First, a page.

Researchers from Nottingham Trent University have discovered that muscle cells deteriorate with age. This subsequently affects their regenerative ability and recovery after injury.
The researchers analysed the genes inside muscle cells. They found that the “development pathways,” become weakened in older cells. These pathways are the ways in which genes work together to regenerate muscle
Lead researcher Dr Santos said “This helps explain why muscle injures may take longer to recover from as we age”. Dr Santos is an expert in musculoskeletal biology at the University’s School of Science and Technology.
She said: “We know that healthy muscle regenerates after we’ve had an injury. However ageing impairs that regeneration potential. This makes recovery harder the older we get. The activity we’ve seen inside the cells helps us understand why we don’t heal as well or quickly when older.
The researchers developed a new approach by observing the different mechanisms that drive muscle ageing. They studied muscle cells from donors and assessed how they healed and regenerated. This was after they had been chemically injured.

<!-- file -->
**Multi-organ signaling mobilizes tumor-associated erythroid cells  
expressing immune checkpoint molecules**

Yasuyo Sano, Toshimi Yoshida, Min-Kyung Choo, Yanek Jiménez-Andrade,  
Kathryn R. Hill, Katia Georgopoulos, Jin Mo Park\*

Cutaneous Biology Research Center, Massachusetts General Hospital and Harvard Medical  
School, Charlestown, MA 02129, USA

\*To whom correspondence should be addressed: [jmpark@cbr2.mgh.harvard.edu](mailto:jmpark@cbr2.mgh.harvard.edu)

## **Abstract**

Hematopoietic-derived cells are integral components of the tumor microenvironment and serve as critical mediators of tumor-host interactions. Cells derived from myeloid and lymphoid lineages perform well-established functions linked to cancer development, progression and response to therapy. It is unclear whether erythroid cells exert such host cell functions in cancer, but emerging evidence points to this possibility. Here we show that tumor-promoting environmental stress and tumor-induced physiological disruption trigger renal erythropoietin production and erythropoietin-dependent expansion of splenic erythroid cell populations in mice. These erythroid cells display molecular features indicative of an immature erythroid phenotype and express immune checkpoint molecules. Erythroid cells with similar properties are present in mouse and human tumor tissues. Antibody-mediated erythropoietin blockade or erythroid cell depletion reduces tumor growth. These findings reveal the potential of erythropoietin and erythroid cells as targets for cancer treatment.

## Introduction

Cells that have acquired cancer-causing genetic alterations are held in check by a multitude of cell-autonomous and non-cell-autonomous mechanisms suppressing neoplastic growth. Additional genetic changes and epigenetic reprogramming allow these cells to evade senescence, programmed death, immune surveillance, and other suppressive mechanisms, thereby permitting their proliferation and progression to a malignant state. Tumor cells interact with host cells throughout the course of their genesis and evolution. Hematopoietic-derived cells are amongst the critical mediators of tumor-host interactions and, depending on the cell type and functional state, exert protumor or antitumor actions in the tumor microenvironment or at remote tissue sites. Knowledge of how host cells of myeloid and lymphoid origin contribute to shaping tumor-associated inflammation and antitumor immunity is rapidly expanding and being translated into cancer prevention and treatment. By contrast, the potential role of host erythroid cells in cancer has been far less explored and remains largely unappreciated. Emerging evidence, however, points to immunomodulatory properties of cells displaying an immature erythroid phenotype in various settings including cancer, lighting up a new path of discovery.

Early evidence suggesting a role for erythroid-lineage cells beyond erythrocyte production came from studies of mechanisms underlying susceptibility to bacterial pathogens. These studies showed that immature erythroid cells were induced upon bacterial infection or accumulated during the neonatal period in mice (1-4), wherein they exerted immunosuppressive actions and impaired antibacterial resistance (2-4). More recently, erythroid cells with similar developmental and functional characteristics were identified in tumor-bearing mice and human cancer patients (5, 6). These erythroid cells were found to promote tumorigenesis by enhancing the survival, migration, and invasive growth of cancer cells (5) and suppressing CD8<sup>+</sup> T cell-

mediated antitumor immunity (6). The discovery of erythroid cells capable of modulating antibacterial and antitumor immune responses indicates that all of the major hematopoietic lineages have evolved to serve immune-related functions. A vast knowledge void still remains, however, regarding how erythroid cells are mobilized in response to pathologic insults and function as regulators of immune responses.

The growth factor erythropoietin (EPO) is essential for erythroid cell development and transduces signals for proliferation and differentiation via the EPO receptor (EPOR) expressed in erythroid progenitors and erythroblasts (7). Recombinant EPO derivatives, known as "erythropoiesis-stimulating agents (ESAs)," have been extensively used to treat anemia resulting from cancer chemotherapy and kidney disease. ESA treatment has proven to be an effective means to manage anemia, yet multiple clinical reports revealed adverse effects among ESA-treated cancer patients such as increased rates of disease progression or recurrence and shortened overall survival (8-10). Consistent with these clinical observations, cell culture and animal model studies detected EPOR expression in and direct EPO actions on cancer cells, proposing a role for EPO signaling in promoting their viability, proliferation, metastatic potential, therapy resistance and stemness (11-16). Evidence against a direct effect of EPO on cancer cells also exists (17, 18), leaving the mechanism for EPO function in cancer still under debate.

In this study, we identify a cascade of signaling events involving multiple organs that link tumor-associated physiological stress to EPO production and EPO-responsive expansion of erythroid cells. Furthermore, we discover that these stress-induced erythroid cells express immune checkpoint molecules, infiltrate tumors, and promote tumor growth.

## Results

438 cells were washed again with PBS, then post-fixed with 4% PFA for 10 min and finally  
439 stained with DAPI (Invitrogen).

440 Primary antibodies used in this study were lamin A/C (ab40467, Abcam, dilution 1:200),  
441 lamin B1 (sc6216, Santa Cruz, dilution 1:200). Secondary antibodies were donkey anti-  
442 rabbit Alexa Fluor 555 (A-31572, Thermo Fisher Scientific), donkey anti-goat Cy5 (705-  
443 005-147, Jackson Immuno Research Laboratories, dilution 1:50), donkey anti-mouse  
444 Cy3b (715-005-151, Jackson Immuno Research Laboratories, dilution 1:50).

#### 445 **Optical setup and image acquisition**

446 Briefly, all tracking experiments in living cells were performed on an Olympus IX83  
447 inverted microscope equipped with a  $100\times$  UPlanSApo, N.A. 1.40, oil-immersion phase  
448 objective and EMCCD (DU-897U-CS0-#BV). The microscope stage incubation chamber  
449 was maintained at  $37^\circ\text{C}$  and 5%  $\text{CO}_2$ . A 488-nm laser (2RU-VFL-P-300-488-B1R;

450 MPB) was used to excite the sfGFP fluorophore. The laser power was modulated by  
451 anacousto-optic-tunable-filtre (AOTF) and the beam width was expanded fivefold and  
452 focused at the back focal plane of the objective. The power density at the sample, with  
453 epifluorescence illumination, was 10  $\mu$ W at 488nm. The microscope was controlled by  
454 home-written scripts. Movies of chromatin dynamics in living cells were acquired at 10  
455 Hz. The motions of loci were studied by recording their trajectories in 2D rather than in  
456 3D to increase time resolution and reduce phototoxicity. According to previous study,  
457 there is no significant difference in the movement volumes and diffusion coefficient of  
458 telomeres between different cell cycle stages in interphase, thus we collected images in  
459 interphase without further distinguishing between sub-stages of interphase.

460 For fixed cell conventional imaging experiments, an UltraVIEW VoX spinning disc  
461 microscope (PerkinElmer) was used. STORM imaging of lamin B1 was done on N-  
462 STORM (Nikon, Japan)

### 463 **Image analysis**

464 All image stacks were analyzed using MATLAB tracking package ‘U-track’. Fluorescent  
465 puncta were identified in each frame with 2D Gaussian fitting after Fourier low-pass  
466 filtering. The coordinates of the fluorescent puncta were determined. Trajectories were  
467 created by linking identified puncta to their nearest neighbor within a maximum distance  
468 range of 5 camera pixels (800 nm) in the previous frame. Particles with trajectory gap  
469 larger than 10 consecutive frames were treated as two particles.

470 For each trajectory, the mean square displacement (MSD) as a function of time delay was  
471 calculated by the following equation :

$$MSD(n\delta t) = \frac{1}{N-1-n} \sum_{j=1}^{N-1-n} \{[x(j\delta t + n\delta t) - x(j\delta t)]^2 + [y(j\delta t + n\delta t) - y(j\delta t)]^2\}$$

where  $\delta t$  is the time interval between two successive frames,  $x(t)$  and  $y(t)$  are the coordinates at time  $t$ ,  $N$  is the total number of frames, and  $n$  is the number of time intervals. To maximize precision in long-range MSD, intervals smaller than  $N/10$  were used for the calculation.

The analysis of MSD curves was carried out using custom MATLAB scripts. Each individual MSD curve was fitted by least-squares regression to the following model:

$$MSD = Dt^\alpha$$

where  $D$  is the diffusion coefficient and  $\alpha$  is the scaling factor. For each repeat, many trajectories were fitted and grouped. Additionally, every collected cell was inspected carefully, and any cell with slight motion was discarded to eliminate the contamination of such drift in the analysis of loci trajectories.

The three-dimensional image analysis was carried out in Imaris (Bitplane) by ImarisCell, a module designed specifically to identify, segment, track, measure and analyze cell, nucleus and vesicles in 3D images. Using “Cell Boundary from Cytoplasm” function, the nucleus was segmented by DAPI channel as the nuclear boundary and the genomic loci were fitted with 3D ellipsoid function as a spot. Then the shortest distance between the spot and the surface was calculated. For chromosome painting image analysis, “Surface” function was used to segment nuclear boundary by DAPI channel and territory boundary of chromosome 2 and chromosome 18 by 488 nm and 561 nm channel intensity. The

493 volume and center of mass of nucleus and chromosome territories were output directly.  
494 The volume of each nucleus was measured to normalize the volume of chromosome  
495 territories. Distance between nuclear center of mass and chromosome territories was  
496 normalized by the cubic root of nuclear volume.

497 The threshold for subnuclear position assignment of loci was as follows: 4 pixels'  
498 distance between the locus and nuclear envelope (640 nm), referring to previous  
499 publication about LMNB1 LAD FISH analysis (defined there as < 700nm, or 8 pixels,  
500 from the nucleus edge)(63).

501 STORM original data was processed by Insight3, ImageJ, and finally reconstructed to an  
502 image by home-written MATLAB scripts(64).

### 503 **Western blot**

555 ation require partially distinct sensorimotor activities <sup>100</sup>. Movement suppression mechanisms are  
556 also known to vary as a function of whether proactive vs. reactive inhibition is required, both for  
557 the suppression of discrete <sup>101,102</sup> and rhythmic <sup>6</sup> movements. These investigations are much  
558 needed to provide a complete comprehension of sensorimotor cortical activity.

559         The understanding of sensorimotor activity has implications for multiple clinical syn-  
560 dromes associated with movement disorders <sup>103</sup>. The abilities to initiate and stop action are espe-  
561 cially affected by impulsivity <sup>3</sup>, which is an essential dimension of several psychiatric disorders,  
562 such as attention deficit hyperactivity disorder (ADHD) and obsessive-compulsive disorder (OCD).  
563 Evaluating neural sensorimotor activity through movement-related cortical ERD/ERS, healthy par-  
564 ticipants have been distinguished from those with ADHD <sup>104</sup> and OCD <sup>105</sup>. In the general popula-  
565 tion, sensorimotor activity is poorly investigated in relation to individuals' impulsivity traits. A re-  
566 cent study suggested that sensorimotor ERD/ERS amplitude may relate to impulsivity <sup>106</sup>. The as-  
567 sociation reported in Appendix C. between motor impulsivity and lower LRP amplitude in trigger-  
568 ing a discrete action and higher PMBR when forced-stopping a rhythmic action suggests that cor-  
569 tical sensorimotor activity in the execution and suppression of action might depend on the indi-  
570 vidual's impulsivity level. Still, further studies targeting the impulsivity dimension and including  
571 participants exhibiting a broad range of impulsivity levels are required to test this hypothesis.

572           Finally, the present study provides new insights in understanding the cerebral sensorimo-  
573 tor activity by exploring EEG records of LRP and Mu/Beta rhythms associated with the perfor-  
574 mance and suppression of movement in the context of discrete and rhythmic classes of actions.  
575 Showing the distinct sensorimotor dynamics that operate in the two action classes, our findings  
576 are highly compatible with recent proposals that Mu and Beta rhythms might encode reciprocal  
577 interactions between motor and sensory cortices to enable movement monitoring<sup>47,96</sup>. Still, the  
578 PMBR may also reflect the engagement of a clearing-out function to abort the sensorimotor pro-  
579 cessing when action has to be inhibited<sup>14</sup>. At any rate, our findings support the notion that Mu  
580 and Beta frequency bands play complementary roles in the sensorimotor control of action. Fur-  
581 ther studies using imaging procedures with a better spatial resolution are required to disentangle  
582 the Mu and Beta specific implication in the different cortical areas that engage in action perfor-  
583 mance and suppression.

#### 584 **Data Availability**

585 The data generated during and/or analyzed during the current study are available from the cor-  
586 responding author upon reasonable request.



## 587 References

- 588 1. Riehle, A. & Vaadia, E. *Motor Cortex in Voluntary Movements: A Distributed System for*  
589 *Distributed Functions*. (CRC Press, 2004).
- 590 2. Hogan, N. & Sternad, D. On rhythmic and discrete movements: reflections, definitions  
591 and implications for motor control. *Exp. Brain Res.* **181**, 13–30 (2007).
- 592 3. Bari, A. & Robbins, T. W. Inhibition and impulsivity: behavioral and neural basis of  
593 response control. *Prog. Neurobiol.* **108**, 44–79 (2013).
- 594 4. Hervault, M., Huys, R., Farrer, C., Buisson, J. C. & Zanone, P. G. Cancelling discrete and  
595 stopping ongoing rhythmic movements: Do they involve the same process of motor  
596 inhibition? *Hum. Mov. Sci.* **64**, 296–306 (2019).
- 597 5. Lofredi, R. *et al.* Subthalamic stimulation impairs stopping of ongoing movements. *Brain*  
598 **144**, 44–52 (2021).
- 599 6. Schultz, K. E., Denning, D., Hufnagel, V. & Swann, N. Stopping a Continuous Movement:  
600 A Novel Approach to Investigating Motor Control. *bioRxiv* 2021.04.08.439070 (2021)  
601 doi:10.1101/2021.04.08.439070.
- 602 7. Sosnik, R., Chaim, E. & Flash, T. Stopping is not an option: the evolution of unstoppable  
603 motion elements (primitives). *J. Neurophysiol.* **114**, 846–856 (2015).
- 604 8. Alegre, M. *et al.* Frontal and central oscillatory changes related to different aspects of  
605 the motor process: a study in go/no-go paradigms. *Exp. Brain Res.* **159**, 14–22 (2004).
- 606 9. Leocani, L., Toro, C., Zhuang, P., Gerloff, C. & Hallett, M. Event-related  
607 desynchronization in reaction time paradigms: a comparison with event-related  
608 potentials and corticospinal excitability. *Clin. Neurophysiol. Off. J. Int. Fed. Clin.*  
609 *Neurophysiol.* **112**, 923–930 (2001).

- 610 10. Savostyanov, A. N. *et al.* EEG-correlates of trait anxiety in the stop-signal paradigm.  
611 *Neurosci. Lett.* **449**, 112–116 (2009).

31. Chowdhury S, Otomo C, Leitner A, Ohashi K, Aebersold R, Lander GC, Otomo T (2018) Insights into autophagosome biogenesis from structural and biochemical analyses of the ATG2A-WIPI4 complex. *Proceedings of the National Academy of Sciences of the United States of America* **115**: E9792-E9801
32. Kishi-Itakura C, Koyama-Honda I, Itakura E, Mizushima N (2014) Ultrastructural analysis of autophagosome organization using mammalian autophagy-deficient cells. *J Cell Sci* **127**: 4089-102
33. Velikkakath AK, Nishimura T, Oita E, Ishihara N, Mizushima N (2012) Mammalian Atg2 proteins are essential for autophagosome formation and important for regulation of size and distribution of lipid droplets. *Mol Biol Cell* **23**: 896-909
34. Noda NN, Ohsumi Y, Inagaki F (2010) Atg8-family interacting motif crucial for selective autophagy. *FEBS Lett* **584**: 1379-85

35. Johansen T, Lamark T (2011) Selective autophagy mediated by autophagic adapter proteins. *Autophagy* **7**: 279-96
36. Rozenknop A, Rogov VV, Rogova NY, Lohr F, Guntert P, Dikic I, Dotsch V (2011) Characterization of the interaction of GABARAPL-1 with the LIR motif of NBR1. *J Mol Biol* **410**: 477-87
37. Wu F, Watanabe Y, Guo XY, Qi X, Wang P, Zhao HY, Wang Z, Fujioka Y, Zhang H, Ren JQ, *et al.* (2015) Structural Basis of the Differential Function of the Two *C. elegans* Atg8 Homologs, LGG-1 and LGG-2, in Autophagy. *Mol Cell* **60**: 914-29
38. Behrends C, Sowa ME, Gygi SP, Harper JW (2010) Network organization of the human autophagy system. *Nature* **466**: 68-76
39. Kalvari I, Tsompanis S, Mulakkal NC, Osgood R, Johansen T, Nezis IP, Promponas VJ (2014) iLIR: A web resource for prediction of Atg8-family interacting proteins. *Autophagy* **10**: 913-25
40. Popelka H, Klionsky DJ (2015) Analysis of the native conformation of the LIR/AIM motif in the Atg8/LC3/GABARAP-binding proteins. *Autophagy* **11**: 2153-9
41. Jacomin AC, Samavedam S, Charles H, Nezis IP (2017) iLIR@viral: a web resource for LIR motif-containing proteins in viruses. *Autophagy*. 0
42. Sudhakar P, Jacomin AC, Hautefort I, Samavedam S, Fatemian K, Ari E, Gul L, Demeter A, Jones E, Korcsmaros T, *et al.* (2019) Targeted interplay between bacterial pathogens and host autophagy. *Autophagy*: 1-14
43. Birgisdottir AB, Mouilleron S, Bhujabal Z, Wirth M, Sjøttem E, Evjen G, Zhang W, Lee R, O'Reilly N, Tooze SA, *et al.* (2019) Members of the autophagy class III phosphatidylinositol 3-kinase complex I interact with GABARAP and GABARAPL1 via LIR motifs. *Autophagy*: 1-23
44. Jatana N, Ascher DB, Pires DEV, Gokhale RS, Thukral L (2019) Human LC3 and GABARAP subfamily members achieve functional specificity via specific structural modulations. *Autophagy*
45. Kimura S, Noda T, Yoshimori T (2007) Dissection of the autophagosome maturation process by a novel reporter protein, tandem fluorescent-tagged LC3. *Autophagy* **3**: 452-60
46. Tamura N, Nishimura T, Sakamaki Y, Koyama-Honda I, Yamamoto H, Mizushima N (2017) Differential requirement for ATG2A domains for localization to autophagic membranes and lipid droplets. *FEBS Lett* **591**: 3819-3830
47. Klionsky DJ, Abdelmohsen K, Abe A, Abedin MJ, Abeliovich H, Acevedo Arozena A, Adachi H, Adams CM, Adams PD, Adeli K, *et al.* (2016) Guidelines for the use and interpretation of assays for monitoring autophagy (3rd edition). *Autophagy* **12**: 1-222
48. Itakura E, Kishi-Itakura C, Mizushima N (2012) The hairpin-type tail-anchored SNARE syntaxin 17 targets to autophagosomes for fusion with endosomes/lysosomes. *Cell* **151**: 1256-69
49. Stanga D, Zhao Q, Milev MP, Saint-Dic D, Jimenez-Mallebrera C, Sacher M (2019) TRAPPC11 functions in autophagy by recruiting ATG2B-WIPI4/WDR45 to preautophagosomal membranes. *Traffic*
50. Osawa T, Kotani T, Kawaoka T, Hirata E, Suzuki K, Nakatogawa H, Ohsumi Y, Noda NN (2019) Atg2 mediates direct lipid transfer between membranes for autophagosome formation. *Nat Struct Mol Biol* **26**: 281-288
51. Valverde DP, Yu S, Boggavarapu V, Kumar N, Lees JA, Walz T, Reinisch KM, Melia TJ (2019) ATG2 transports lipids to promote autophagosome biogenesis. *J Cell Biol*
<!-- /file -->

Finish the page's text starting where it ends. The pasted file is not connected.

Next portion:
The pathways that control cell processes and development work differently in older cells. They are found to be down-regulated. This means regeneration is impacted the older you get. If we can understand these pathways we could potentially identify new therapies and interventions to mitigate the problem
When comparing cells from a 20-year-old donor to cells from a 68-year-old donor, the team found distinct differences in the development pathways. Younger muscle cells fully recovered from the injury, while older cells expressed fewer genes needed for regeneration, leading to reduced regeneration capacity and thinner, less robust muscle fibres.
Janelle Tarum, another researcher involved in the study, highlighted how their work could be crucial for future drug discovery and the treatment of diseases related to muscle aging: “We’ve been able to develop a new approach to assess muscle regeneration which involves a state-of-the-art technique called RNA-sequencing.
“There’s a very clear reduced regeneration capacity and weakened recovery of aged cells and we have been able to further understand the factors underlying this impairment.
“Our work enables us to examine muscle cell regeneration across the lifespan and this in turn could be key for future drug discovery for disease related to muscle ageing.”
The study was published in the Journal of Tissue Engineering and Regenerative Medicine and involved researchers from Manchester Metropolitan University and Liverpool John Moores University.